Making Homemade Jalapeno Jelly with Hubby

Hi, this is Hubby. I thought I share with you how I make homemade jalapeno jelly. When I was little I helped my grandma with her canning and I have happy memories of that time so about a year ago I decided to give canning a try myself. Along with canning and making jellies, I like processing my own foods when possible so I know what goes in them.

The recipe for this jelly comes from Ball’s Complete Book of Home Preserving. It sounded good to me and Robyn said she also likes jalapeno jelly. I actually made this in December, but am just now getting around to posting about it. For Christmas, I gave away a few jars as gifts to friends and family and it was a hit. I do always ask for my jars back – they will get more jelly if they do this – no more jelly if they don’t.

Sterilize your canning jars

This recipe does not require pressure canning due to the acidity of the jelly. You need a water bath canner with jar rack. What I have actually has all the parts for whatever type of canning I am doing.

To start, wash the jars with soap and water. Then place them into the canner (pot) and add enough water to cover by an inch or so. Bring to a boil and “cook” the jars for at least 5 minutes to sterilize them. I leave the water on and boiling while I do the rest of the prep also because you need the jars to be warm when you put the jelly in and then you have to boil the finished filled jars also.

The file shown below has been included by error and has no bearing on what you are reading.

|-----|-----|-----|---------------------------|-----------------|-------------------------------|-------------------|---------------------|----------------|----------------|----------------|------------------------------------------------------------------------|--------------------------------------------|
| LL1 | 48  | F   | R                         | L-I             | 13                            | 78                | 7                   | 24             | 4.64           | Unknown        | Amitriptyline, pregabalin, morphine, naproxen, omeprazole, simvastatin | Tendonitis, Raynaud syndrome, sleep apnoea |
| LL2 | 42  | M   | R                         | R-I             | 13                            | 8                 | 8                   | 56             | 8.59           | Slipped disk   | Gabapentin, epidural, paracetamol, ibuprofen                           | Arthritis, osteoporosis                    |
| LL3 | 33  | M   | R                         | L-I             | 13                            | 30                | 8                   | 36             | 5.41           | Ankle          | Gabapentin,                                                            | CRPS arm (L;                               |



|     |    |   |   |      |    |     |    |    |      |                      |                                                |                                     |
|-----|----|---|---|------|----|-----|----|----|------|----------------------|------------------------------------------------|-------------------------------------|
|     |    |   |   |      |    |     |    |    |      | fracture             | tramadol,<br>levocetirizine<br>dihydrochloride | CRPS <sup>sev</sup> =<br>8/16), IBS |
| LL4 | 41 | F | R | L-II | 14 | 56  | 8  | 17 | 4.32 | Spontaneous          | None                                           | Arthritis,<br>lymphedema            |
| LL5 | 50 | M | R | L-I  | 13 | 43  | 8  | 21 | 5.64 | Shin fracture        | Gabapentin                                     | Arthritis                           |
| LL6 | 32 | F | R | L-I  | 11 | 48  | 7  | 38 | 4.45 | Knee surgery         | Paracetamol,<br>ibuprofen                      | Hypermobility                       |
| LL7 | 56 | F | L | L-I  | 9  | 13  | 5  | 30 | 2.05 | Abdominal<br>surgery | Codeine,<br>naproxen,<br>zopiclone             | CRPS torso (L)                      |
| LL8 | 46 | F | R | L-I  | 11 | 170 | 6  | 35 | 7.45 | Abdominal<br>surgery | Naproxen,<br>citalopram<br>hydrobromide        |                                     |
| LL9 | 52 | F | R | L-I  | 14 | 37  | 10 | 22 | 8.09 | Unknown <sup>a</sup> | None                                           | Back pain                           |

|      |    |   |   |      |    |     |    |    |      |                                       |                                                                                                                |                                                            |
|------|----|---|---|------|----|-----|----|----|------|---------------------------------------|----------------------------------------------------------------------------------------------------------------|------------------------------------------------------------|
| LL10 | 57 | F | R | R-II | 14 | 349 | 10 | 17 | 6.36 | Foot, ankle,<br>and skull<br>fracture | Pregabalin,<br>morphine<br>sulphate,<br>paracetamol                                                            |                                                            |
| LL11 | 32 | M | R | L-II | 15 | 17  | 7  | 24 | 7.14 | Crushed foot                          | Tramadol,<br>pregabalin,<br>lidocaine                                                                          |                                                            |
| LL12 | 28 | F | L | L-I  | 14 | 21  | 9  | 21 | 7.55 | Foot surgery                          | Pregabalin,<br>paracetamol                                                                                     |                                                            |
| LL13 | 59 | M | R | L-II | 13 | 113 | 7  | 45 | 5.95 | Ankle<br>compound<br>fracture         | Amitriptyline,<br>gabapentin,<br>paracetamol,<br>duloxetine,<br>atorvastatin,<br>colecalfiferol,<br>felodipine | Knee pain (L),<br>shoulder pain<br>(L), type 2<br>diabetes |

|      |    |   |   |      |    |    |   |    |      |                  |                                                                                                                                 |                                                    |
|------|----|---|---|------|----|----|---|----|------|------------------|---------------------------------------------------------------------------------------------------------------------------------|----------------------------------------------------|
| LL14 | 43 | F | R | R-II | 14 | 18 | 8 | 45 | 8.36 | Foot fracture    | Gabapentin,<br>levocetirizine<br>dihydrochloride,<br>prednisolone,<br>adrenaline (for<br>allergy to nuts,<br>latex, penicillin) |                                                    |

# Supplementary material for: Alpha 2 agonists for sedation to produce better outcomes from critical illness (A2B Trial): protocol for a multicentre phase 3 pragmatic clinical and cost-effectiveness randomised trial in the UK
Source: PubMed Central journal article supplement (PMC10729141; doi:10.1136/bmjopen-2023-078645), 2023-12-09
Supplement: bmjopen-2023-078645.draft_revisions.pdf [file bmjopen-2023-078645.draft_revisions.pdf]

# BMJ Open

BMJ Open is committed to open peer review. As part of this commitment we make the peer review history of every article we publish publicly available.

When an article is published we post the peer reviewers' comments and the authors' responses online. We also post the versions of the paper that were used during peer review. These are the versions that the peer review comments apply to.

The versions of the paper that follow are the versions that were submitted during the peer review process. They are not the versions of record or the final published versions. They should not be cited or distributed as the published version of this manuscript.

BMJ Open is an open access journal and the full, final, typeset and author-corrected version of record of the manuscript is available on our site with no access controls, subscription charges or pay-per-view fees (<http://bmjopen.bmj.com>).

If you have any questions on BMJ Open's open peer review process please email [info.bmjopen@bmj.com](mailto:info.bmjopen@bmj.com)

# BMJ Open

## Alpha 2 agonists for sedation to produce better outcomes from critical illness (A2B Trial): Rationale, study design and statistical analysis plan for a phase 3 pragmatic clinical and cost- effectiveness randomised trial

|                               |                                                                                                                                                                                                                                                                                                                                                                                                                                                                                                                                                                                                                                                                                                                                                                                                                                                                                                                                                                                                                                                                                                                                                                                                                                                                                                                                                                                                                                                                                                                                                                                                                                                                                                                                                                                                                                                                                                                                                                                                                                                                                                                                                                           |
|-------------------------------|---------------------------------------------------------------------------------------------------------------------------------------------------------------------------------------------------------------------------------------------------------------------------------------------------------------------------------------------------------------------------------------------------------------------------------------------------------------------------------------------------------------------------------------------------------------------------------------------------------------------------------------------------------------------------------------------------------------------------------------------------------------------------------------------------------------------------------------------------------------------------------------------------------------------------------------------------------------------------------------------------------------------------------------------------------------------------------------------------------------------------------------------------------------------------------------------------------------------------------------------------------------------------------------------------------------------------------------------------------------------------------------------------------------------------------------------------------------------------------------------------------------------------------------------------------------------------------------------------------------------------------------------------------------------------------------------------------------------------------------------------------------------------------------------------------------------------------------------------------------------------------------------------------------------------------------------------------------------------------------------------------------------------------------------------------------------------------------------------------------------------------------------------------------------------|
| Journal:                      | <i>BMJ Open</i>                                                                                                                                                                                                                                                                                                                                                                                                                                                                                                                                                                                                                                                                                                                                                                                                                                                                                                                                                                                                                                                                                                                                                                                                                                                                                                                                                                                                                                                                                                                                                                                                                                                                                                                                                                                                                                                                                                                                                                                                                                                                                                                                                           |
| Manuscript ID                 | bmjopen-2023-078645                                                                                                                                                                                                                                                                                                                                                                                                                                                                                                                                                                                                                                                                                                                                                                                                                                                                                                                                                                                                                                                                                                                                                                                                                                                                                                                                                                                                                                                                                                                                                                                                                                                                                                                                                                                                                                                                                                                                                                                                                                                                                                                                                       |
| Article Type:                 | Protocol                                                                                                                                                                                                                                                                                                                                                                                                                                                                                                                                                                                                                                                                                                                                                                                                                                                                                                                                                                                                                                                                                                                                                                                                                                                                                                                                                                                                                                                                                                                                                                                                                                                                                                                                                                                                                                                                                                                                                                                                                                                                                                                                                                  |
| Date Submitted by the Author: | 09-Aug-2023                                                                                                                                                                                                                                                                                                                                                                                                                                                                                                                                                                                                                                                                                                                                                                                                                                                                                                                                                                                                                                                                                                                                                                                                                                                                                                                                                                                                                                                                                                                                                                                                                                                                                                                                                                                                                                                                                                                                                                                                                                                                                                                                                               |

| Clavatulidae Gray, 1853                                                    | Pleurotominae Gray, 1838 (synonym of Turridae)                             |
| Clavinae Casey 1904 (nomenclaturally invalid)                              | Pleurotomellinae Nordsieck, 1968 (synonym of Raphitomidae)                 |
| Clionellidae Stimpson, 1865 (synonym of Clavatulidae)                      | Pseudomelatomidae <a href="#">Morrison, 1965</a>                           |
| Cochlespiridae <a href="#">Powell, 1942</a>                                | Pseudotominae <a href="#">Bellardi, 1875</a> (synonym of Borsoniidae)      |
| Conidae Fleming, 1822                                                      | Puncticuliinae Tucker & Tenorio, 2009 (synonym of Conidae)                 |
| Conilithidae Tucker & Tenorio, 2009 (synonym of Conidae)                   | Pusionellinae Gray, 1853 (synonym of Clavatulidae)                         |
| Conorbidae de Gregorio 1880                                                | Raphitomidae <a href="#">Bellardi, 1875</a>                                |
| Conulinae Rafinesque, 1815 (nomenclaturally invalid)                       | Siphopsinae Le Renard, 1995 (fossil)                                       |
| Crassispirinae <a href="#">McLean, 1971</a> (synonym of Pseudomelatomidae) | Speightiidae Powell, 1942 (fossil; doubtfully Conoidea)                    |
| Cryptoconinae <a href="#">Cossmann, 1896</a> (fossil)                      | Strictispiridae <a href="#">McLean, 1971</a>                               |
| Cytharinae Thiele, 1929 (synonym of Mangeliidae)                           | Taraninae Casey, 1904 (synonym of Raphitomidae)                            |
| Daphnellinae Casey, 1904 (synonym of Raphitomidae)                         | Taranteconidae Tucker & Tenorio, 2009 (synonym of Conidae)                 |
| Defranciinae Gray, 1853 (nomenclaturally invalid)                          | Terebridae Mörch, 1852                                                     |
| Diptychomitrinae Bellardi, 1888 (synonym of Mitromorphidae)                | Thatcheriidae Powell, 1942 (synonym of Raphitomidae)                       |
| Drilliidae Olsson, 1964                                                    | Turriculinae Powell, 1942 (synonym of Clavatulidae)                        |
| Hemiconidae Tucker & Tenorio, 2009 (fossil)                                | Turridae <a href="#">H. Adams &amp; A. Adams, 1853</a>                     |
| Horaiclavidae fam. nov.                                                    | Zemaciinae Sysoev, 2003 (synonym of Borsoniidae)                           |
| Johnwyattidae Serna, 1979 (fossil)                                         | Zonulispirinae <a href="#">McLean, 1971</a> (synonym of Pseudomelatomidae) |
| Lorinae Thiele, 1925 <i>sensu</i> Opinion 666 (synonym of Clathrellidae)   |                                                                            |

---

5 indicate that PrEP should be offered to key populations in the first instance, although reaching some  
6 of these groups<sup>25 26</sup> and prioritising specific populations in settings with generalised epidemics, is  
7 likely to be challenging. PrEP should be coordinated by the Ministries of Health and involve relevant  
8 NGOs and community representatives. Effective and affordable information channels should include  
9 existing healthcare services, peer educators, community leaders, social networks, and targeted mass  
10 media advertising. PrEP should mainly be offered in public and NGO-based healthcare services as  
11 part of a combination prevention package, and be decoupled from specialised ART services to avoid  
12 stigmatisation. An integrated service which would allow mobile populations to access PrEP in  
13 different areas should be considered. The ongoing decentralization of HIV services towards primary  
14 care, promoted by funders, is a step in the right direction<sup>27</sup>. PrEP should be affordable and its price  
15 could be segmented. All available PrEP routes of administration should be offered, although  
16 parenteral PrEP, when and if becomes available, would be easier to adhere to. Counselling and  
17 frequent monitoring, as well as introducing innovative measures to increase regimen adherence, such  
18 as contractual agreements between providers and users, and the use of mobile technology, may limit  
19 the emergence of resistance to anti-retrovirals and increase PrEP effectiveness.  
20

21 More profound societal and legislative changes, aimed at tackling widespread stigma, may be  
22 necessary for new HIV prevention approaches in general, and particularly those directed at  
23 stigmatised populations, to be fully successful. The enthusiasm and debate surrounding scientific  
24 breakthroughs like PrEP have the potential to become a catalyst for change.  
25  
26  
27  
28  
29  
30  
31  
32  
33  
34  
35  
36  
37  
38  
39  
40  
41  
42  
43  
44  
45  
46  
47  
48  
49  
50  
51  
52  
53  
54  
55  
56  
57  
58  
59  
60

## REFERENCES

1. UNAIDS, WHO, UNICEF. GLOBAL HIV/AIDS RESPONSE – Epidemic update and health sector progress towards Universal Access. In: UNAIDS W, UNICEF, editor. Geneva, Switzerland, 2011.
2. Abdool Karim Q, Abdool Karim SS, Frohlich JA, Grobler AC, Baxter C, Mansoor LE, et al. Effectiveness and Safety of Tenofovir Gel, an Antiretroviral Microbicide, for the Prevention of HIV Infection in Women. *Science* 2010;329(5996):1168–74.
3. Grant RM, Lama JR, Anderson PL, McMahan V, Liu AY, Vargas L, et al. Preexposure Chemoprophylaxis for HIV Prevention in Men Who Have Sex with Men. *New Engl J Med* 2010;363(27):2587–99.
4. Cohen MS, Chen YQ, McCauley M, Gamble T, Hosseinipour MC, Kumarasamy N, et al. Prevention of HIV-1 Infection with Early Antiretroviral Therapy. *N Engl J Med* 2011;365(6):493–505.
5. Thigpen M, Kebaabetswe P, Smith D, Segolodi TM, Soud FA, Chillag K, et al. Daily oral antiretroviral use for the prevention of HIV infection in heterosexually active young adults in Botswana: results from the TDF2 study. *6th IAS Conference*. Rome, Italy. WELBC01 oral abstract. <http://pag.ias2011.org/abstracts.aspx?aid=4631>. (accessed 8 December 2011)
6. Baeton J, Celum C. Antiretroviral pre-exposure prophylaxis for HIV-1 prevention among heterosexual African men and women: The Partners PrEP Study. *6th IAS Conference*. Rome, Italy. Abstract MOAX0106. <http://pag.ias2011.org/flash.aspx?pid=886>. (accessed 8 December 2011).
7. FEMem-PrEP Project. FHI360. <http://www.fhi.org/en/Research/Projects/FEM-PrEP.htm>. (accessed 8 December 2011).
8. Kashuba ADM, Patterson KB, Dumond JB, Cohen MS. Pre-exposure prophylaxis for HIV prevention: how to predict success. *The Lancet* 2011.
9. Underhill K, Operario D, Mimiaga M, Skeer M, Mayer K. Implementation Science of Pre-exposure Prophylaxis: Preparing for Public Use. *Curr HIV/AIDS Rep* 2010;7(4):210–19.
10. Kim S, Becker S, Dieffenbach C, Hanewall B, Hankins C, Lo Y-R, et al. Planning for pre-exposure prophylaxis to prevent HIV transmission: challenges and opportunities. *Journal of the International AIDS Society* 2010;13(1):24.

Seed the jalapeno peppers

I had never cut up a jalapeno pepper before so I asked Robyn how to do it. The first thing she told me to do was put gloves on to protect my skin from the oils of the peppers and especially if you rub your eyes with your fingers after cutting them – she said she has done this and it sucks.

Cut the jalapeno in half lengthwise. Then use a paring knife to remove the stems (membranes) and seeds from inside. Put the cleaned peppers in one pile and the stems and seeds in another.

Place the jalapeno seeds and membranes into cheesecloth and tie with string

If you like hotter jelly, make a spice bag with those seeds and stems. Just take a square of cheesecloth and put a handful in and tie it with cotton string. You will add the bag into the pot when you cook the jelly. Tasting the raw jalapeno pepper for heat is important since the heat level can vary. If you have really spicy peppers you may not need to do this bag part.

Add cleaned jalapeno peppers and vinegar to the food processor

Put your cleaned peppers in the food processor and add cider vinegar.

Puree the jalapeno peppers

Process until fairly smooth. It will get foamy like you see here.

Boil the pureed jalapenos, vinegar, and sugar for 10 minutes

Pour the processed peppers into another large pan and add sugar and more vinegar. Stir constantly while it boils for 10 minutes. If you are doing the bag of stems and seeds to make it hotter, now is the time to put that bag in during these 10 minutes. Remove before adding pectin.

Add pectin to the jelly mixture